A U.S. appeals court on Thursday threw out a ban on the sale of Regeneron Pharmaceuticals Inc and Sanofi SA’s cholesterol-lowering drug Praluent and ordered a new trial after finding a jury was given improper instructions.
The ruling from the U.S. Court of Appeals for the Federal Circuit in Washington was a setback for Amgen Inc, which claimed Praluent infringed patents on its rival drug, Repatha, and had won the sales ban after a jury trial.
Amgen, which brought its lawsuit in 2014, said in a statement it was disappointed by the court’s action. “We firmly believe in the validity of our patents and we look forward to reasserting our rights in court.”
Praluent and Repatha are injectable biotech medicines created from manmade antibodies that dramatically lower levels of “bad” LDL cholesterol in the blood by blocking a protein called PCSK9.
Amgen claimed its patents covered a broad range of antibodies that bind to PCSK9, while Sanofi and Regeneron argued such broad patents were invalid.
In Thursday’s decision, the Federal Circuit said jurors were given instructions that could have wrongly led them to believe that describing a protein like PCSK9 was enough to patent a broad class of possible antibodies.
The appeals court also found that the judge in the case improperly excluded some evidence that Regeneron and Sanofi wanted to use at the trial.
“We are pleased with the Federal Circuit’s decision to remand for a new trial that allows us to present our complete evidence to the jury,” Sanofi General Counsel Karen Linehan said.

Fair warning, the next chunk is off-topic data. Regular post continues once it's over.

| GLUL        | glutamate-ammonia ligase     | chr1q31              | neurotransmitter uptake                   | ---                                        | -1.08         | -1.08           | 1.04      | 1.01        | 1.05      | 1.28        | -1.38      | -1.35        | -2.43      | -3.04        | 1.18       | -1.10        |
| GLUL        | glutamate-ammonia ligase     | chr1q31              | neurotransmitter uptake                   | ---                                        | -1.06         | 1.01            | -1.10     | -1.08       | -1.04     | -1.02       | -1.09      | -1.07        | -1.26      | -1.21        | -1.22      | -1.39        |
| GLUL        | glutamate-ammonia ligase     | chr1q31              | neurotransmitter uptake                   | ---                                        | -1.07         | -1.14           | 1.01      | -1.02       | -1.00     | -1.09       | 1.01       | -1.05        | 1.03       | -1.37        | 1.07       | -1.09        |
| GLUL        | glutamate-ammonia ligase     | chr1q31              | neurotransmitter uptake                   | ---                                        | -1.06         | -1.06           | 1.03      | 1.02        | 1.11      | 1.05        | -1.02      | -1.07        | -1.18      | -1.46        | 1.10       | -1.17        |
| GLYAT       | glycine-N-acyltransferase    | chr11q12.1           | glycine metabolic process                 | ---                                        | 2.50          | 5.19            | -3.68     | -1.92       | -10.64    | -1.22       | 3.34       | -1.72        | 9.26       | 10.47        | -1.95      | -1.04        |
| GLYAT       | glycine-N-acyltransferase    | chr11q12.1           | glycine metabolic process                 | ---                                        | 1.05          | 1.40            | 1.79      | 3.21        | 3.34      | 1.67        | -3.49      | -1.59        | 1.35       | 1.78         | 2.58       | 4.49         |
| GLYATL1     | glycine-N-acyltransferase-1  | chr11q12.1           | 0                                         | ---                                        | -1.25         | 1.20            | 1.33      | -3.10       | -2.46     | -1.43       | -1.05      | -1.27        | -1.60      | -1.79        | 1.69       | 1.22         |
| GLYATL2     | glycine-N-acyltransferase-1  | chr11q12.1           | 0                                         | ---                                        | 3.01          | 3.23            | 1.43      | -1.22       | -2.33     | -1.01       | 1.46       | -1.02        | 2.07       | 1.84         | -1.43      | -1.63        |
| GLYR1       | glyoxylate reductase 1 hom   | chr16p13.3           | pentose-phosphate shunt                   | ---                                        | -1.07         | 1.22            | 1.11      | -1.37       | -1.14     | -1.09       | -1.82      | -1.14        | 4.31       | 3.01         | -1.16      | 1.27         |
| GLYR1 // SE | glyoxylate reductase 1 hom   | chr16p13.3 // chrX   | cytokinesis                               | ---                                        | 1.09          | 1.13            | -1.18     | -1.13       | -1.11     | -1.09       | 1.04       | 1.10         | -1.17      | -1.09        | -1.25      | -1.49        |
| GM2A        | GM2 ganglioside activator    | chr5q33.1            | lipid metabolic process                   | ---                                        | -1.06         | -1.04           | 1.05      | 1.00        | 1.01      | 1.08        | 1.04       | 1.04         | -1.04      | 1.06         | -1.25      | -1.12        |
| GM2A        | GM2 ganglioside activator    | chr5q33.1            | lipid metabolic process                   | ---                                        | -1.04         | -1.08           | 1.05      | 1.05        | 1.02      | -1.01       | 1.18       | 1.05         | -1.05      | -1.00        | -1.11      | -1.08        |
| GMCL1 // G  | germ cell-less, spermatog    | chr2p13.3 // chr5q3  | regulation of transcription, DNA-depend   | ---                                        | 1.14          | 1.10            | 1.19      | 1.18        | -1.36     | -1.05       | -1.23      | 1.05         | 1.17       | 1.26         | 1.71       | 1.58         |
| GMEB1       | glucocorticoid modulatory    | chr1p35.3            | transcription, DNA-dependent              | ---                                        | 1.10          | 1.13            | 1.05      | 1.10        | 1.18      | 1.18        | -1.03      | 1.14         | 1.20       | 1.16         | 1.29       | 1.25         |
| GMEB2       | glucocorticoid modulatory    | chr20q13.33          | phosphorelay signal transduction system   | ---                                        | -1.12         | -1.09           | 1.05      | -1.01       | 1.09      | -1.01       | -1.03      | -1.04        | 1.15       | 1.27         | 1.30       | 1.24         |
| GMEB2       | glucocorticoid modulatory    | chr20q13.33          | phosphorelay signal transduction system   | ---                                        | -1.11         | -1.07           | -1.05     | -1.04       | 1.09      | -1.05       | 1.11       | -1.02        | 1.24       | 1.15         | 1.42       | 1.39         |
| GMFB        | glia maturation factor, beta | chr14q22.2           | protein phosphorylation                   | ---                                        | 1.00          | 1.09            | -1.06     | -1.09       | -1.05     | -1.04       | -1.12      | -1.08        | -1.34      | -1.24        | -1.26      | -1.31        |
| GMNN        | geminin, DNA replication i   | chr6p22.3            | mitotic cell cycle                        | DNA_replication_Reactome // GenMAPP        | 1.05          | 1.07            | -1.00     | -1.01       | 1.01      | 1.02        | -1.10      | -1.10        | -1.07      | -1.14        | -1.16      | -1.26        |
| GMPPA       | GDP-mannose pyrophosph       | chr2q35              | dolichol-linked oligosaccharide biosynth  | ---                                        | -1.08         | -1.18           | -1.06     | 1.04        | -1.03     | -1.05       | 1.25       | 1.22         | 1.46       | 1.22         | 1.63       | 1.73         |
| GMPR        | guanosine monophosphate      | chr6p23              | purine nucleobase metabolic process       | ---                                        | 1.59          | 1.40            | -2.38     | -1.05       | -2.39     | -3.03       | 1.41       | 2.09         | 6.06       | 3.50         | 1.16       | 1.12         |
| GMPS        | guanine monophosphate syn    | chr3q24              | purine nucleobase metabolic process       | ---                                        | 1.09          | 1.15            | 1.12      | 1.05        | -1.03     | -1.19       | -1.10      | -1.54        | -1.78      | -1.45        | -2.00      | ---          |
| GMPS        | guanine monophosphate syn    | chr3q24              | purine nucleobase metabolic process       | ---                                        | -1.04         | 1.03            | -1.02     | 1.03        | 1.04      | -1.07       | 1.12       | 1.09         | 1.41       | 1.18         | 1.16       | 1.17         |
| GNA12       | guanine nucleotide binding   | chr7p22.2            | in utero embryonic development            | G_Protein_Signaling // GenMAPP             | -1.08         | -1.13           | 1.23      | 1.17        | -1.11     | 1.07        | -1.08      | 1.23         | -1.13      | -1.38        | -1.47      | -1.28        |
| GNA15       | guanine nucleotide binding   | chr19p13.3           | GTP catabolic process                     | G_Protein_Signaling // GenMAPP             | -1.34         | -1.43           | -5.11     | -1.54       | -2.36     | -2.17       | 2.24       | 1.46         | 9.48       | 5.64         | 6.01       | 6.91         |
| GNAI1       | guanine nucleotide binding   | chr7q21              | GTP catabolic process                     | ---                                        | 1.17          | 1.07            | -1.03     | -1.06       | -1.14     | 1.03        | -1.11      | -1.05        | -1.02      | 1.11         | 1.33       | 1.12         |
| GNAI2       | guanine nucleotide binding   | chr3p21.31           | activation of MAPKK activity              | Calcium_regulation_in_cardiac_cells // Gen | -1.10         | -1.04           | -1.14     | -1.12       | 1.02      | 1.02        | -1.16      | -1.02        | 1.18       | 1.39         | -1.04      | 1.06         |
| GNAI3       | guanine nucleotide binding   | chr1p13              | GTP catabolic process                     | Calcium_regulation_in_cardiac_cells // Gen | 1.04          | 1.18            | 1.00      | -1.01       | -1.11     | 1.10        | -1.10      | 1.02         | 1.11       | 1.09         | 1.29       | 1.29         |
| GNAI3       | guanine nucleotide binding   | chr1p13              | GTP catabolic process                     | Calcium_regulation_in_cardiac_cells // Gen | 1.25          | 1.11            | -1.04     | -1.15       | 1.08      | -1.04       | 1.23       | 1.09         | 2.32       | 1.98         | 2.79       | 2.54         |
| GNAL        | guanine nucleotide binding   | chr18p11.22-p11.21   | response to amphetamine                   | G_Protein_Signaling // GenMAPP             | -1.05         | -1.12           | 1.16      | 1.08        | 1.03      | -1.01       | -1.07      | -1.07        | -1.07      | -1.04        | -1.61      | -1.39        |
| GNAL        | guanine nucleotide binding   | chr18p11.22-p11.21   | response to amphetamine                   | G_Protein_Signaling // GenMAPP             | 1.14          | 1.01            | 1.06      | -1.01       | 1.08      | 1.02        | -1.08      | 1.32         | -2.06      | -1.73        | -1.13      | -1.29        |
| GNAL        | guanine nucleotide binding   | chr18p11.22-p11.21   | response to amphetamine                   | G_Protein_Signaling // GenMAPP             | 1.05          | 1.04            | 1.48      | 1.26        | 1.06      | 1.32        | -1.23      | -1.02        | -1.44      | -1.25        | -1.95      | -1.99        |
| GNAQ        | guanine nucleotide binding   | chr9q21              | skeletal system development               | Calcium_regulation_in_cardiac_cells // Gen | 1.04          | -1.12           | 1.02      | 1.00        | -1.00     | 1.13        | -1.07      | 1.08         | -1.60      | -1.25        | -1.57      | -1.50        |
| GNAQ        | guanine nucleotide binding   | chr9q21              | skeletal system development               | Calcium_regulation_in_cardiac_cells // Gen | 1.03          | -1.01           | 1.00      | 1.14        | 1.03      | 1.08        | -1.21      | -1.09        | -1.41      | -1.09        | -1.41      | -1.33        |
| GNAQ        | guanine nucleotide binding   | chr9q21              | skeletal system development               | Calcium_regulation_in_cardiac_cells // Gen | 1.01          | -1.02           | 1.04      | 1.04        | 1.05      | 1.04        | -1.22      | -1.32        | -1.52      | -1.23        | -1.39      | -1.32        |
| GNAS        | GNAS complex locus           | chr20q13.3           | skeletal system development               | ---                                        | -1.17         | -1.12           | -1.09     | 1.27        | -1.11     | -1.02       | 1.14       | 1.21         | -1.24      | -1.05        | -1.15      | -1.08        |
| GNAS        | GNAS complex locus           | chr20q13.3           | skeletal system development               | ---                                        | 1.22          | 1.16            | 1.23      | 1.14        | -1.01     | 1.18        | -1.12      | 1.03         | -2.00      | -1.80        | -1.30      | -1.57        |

In a joint statement, Regeneron and Sanofi said a new trial has not yet been scheduled and they do not expect proceedings to start this year.
Mizuho Securities analyst Salim Sayed said he expects the ruling will keep Praluent on the market for at least another year.
A jury had found Amgen’s patents valid last March. Sanofi and Regeneron did not dispute that if the patents were valid, Praluent infringed them.
In January, U.S. District Judge Sue Robinson in Delaware took the unusual step of blocking sales of Praluent. She found that, although having both drugs on the market would be in the public interest, Amgen’s patent rights outweighed that concern.
Praluent sales were allowed to continue during the appeals process.
Zachary Silbersher, a New York-based patent lawyer not connected with the case, said the court’s ruling will make it more difficult for Amgen to win if it goes to trial again, which could push the company to settle.
Praluent and Repatha won U.S. approval to reduce LDL cholesterol in 2015. The drugs are far more costly than other cholesterol drugs, with a list price topping $14,000 annually.
Hurdles to patient access by health insurers and pharmacy benefit managers have led to disappointingly low sales so far. But Amgen’s drug has steadily gained market share since the court ruling, which threatened to remove Praluent from the market, rising to nearly 65 percent.
Reporting By Brendan Pierson in New York, additional reporting by Bill Berkrot in New York; editing by Bernadette Baum and Jonathan Oatis